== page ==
Most parents wish they had the courage to bring it up. Some teenagers wish they did too. It’s the sex talk—that all-important, if not entirely uncomfortable discussion about the birds and the bees. Don’t leave it up to your child’s friends; high school locker rooms are riddled with myths and false information. Instead, have an open and frank discussion about sex that will equip your child with the knowledge to make the best decisions for him or her. Here are a few issues to discuss.
Human Papillomavirus Vaccine
The Centers for Disease Control and Prevention (CDC) recommends the human papillomavirus (HPV) vaccine. This vaccine guards against some high-risk HPV strains that cause genital warts and cervical cancer. However, even with the vaccine, it is possible to contract the virus. There are more than 100 strains, of which the vaccine only protects against the four strains that cause more than 98% of cervical cancers.
Birth Control Options
Thousands of young women become pregnant each year because they did not use or did not know how to properly use birth control. Most people know about birth control in pill form. It is composed of one or two hormones that prevent the ovaries from releasing an egg. The pill is affective, but it does not protect against sexually transmitted diseases (STDs); condoms should also be used to lower STD risk. In addition to reducing the risk of unwanted pregnancy, some hormonal birth control options could have other benefits, including:
- improved acne
- less body or facial hair
- reduced menstrual pain or cramping
- reduced risk of ovarian cysts
- protection against ovarian or uterine cancer
- reduced risk of infertility
There are also documented side effects of hormonal birth control, including an increased risk of blood clots and weight gain.
Sometimes teenagers are too embarrassed or afraid of how their parents will react if they ask about birth control. If the discussion is too emotional, or you don’t feel comfortable, make an appointment with your child’s pediatrician or the family physician. Keep in mind that your child might not be comfortable discussing birth control in front of you. It might be best to allow your child to talk to a doctor while you aren’t in the room.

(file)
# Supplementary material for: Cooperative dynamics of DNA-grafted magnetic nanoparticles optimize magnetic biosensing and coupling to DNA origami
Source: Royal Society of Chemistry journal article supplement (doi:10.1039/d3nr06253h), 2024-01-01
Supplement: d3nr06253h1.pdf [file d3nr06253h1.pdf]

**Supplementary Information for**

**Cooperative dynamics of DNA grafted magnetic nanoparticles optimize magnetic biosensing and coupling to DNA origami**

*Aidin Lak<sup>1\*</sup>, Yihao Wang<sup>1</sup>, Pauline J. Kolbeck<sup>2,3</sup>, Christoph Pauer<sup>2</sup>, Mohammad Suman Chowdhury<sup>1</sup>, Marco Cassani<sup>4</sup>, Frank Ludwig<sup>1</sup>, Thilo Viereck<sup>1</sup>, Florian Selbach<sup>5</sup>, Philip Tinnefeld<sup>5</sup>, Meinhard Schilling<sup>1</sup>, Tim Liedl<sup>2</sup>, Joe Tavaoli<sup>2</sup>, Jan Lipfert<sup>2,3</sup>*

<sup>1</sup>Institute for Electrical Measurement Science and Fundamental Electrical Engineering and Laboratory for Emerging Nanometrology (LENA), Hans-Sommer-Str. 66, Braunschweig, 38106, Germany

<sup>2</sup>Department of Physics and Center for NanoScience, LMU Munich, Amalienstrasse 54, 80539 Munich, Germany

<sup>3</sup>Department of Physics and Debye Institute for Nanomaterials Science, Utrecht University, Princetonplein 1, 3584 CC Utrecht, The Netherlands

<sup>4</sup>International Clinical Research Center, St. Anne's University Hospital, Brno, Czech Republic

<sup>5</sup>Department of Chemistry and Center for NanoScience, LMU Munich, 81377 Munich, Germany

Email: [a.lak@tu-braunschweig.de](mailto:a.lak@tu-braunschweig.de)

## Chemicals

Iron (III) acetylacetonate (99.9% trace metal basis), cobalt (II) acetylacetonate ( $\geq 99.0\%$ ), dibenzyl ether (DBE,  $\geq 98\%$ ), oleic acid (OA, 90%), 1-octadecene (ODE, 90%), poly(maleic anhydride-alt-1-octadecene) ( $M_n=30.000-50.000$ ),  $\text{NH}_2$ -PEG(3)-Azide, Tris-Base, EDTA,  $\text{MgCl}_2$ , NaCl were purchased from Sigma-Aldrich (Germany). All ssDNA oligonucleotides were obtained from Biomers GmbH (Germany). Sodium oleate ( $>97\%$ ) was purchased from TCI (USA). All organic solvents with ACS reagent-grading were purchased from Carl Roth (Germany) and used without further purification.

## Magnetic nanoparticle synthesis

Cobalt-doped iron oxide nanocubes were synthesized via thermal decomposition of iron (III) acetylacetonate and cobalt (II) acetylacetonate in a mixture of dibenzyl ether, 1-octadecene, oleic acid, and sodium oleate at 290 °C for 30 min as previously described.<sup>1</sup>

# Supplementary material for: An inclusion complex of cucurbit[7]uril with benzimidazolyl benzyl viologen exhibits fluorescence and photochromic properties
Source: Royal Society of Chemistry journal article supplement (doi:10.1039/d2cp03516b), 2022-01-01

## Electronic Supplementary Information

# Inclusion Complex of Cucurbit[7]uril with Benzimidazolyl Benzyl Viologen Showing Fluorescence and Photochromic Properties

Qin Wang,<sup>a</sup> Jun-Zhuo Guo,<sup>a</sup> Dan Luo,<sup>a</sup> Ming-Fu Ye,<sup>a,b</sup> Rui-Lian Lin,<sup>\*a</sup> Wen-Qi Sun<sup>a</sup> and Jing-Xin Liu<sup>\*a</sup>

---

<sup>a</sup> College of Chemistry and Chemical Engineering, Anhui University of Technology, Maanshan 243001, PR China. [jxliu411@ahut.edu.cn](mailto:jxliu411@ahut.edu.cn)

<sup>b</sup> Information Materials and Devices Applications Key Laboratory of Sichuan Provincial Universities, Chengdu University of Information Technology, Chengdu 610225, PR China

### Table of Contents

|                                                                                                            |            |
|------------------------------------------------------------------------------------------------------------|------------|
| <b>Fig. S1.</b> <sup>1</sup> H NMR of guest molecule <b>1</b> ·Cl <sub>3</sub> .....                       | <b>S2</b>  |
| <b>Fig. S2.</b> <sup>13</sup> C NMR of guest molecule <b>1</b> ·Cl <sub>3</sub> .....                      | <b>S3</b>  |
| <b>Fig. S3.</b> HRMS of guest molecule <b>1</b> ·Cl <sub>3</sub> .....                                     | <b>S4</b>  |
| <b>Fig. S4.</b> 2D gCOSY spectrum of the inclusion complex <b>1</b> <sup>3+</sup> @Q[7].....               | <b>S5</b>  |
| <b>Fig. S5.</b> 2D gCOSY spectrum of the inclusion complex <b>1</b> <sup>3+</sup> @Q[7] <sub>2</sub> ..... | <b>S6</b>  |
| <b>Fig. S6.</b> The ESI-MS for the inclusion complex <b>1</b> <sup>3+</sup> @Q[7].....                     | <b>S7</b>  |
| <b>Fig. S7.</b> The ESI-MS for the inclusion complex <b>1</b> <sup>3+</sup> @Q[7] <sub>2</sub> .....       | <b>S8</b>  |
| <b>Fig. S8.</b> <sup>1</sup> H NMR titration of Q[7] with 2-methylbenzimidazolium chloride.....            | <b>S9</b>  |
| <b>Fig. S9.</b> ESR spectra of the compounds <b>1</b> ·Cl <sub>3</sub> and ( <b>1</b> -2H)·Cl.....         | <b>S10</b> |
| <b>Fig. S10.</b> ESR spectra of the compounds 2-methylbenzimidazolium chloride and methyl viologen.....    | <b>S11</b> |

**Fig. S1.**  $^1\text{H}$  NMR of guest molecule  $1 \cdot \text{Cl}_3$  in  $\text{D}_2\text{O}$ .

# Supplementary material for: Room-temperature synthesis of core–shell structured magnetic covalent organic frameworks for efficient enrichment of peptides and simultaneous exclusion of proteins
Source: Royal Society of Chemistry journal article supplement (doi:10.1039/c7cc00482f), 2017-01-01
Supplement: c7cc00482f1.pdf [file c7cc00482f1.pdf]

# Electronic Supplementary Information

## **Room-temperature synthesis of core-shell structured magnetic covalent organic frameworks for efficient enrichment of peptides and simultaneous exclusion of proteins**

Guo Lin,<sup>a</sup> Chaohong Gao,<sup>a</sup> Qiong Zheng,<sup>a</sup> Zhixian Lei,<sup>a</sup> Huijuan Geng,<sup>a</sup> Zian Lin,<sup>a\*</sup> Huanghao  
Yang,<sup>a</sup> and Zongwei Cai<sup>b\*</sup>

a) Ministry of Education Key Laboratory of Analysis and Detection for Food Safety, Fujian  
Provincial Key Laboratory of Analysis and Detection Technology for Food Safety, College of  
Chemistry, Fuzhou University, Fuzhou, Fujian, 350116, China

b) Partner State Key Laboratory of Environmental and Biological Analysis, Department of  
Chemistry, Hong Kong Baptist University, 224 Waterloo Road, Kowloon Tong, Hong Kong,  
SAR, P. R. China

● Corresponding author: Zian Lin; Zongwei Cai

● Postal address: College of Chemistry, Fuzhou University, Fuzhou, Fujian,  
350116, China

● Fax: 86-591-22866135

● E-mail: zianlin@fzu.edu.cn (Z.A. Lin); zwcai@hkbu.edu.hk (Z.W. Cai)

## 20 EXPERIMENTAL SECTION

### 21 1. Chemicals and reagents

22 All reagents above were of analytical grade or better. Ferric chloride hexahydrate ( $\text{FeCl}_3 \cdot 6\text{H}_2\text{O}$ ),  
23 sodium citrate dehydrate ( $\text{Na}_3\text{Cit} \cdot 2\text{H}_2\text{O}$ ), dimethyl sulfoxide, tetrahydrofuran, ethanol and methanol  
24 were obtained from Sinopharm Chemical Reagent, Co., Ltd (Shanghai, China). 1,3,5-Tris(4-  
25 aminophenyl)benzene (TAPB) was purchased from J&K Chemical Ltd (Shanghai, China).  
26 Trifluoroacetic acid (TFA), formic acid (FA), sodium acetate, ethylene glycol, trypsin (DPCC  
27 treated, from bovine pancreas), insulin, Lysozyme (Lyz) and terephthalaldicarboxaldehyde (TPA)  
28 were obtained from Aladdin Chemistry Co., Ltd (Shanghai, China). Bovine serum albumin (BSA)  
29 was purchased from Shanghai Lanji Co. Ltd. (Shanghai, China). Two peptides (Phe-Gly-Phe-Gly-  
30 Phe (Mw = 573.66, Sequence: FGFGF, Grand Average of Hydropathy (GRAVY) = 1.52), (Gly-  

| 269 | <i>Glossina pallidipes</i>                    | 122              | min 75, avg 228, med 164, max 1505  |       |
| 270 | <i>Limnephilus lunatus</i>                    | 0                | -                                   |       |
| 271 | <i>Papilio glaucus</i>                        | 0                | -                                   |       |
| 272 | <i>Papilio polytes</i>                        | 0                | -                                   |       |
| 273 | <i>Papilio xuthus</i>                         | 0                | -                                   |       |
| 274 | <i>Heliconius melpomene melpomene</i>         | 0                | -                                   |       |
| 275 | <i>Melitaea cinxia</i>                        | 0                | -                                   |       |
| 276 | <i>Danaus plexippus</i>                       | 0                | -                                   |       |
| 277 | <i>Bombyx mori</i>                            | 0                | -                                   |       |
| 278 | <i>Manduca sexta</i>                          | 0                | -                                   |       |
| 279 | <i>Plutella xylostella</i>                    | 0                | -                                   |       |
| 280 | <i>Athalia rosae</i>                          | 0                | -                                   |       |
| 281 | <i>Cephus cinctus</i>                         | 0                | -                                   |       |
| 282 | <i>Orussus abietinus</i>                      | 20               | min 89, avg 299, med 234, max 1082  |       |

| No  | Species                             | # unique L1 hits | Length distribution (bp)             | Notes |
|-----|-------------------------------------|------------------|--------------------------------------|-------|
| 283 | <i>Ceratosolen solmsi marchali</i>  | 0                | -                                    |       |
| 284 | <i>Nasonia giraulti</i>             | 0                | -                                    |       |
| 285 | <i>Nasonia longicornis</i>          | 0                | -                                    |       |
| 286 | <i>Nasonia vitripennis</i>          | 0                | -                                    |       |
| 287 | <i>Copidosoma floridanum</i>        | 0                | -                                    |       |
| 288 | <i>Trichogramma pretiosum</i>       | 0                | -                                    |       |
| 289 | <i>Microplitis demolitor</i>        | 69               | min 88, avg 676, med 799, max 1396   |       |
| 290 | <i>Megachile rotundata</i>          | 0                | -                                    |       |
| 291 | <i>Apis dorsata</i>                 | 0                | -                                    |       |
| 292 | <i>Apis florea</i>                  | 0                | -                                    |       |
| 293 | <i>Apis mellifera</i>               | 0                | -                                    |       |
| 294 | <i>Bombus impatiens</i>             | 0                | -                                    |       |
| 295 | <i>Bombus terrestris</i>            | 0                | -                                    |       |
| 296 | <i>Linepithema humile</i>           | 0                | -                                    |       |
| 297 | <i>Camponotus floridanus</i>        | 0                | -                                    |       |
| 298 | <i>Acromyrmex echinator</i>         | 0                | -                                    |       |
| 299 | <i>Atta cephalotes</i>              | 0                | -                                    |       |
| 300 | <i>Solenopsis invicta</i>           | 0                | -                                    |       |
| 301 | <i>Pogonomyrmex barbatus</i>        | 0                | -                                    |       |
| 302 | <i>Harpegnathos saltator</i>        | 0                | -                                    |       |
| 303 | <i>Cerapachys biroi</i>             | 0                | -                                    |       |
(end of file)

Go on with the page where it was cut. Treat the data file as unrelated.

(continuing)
As if unintended pregnancy wasn’t scary enough, teens account for nearly half of all new STD cases, though they only make up about a quarter of the sexually active population. Birth control can prevent pregnancy, but to guard against herpes, chlamydia, gonorrhea, and other STDs, it’s important to stress the need for a condom with every sexual encounter.
According to research, teenagers often don’t view oral or anal sex as actual sex, and while you can’t get pregnant from either of those forms of sex, they harbor just as many risks in terms of disease and infection.
Having an open discussion with your teen will allow you to address any concerns he or she may have about the physical aspect of sex. What might be left unaddressed is the emotional aspect. Many teens may feel ridiculed by friends or peers for their sexual practices. In some circles, it may be popular to abstain from sex, so if they make the decision to have sex, friends may hurt their feelings or make them feel guilty. In other circles, sex is commonplace, but your teen may not want to have sex yet. Talk with your teen about the emotional aspect of a physical relationship and help to work through the feelings about his or her decision.
Adolescence is a time for sexual and emotional discovery that may include the development of romantic relationships with members of the same sex. This makes many parents uncomfortable, but homosexuality is a reality that should not be ignored or stigmatized. It’s important to keep your child’s feelings and emotional health at the forefront of this issue. Imagine the stress and anxiety a teen might go through as he or she worries about the risks of ‘coming out’ to family and friends who may be hostile or disapproving.
Studies have shown a high prevalence in depression, alcoholism, and suicide among gays and lesbians. Experts attribute this trend to negative parental and societal pressures, and to unhealthy emotions—especially during a person’s formative teen years. If you are uncomfortable or disapproving of same sex relationships, it is important that you remain open and nonjudgmental as you learn more about your child’s thoughts and feelings.